The Woman Has A Voice

Poetry of Woman Becoming
Deborah M. Priestly, Ibbetson Street Press (2004). 106 Pages

Illustrated by Lauren Geraghty and Christopher Fahey

Review by Timothy Gager

Deborah Priestly has a voice. It is one of the strongest poetic voices in the Cambridge community. It is the voice of a poet, a voice of one whom has suffered, healed, and risen above. She writes with pure, unbridled emotion. She reflects upon love, lust, sexuality, pain, abuse, epilepsy and finally, as she writes, being grounded. It is a voice to be reckoned with.

A Woman Has A Voice is a book divided into ten sections. Each short and distinct section is illustrated beautifully by Lauren Geraghty. The artwork is something that blends itself well with the poetry, but it is reproduced in black and white. I wanted to see the works in full blooming color. Still, one can see that Geraghty is a talented painter, one whose work would be wonderful to view in person.

Priestly hits hard both spiritually and emotionally. Her subjects are often tough to wrestle with because of the personal nature of her work. In And Yet She Breaks: but then, slowly / before your eyes / she calmly gathers in her pieces / and smiles at you / through the tears and cuts / lovely, playful / and yet, she breaks. It is heartfelt and lovely. Priestly is also sensual. In the poem Wet Morning she writes, our hips kiss / like waves, fill and cry / we belong to this want / soft sweet fall, take wing.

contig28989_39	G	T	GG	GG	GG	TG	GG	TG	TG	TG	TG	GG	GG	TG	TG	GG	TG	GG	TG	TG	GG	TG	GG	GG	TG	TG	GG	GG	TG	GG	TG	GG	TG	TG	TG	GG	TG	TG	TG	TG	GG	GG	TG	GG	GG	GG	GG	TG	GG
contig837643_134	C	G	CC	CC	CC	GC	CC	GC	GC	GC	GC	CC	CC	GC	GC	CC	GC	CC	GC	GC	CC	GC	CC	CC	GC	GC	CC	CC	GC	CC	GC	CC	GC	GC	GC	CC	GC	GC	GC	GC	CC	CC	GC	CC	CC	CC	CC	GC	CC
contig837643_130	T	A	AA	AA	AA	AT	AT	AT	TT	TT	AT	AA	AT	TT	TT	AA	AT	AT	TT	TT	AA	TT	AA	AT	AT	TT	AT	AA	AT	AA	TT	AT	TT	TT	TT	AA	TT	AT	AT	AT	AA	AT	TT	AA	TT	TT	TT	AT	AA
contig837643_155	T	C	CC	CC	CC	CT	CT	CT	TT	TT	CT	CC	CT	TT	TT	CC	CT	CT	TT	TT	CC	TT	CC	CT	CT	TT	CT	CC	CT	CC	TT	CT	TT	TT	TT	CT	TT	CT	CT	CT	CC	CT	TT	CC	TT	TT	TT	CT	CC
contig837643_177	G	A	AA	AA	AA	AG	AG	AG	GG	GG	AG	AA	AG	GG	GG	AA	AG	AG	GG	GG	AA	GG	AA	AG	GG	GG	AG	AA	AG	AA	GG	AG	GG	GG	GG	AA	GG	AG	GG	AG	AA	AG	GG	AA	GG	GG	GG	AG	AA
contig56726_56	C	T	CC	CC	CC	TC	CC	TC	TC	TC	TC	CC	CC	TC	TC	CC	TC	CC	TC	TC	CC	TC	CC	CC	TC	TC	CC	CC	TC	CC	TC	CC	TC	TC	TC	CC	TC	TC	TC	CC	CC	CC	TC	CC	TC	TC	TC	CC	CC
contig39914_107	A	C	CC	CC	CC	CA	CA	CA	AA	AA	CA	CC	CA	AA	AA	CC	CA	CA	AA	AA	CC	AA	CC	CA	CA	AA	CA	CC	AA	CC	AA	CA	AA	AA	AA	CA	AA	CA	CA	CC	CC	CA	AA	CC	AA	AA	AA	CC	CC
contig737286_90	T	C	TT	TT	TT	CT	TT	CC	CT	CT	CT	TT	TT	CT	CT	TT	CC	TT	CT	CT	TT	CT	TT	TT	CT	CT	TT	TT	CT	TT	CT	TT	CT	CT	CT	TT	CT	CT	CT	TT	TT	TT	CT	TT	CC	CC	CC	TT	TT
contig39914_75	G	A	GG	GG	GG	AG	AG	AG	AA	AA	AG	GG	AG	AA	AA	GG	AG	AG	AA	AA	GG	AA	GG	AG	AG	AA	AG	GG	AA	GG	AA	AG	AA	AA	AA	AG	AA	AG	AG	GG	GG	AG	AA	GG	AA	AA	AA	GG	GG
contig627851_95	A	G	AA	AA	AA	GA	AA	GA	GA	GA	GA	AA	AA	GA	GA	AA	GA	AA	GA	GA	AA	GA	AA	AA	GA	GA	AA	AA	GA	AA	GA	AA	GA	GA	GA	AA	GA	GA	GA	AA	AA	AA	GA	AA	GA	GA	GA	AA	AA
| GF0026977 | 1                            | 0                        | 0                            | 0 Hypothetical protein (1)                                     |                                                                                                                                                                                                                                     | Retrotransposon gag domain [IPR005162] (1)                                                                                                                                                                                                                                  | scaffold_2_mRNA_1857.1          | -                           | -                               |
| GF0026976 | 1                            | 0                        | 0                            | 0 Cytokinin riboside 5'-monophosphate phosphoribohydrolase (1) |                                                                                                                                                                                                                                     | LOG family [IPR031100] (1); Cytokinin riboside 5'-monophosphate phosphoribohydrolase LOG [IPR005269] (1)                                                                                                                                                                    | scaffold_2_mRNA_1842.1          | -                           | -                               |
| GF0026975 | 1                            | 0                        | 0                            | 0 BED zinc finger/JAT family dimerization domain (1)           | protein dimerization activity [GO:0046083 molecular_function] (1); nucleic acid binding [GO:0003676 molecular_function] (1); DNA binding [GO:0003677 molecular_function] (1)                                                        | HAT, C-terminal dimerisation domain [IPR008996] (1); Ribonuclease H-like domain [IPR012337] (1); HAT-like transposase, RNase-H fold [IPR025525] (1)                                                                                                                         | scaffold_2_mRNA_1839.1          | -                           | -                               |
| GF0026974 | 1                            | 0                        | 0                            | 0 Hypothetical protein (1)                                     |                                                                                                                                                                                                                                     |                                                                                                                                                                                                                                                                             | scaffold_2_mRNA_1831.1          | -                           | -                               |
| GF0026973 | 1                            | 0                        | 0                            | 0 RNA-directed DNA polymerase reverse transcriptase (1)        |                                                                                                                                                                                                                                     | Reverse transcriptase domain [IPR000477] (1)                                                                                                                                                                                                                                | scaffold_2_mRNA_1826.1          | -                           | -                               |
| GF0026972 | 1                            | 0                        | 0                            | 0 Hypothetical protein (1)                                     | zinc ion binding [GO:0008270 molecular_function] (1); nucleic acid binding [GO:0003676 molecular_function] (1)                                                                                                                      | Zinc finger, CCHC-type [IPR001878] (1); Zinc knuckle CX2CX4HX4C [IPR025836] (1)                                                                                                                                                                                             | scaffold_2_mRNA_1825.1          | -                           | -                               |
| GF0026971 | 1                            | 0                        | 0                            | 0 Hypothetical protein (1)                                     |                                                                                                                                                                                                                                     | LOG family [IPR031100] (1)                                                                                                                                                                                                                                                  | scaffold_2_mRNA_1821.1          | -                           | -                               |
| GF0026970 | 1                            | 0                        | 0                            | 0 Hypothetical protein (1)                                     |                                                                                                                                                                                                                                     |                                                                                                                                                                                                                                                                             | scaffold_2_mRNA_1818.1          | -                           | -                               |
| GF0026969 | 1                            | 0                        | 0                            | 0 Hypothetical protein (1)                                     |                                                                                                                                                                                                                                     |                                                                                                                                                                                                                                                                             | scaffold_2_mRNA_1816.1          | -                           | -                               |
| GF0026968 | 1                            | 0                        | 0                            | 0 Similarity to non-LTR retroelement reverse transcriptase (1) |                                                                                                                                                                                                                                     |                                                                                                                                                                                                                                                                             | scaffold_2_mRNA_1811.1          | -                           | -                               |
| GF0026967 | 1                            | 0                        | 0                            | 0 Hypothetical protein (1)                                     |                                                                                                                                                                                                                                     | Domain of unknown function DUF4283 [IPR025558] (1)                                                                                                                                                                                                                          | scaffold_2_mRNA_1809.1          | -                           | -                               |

Priestly is also able to show within her writing that there is a reflective, relaxed and gentle side to her. In a poem to her daughter, regarding her angelic singing voice, she muses, Life so passionate it rose quick like fire / Sending halos only God would touch. For her other daughter, When you were in my belly / your tiny elbow would trace / a bumpy path / from my middle to my chest / some said / it looked like / a doorknob moving / Now that you are grown / I look at you, smiling / and talking so fast / eyes flashing auburn / and I realize / you are in fact / the door.

The book then moves into the healing process. The final three sections focus on forgiving, faith, strength, and becoming one with the earth. This is Priestly showing us that through it all, she has not faltered. In these sections she indicates that she will never be down, her spirituality not just shining, but blasting through, loudly and clearly. She sums it up completely in the poem bearing the title of the collection, The Woman has a voice. / she makes love through her pen and paper / she has lived a million lives / and has died too many times to recall / and each time, she saves herself, / pure, unaffected but wise.

As I finish reading A Woman Has A Voice, I realize that I’ve worked on a project with this woman, know her from the Cambridge Poetry world, and I feel proud, while at the same time awkwardly awed by the shear magnitude and emotion of her poetry. I’m left with feeling that the poet has said something amazing, cathartic toward her own inner-peace and comfortable that her voice is left within the pages of home.

Timothy Gager is the author of Short Street and poetry book, The same corner of the Bar. He has co-edited The Out of the Blue Writers Unite, as well as The Heat City Literary Review.

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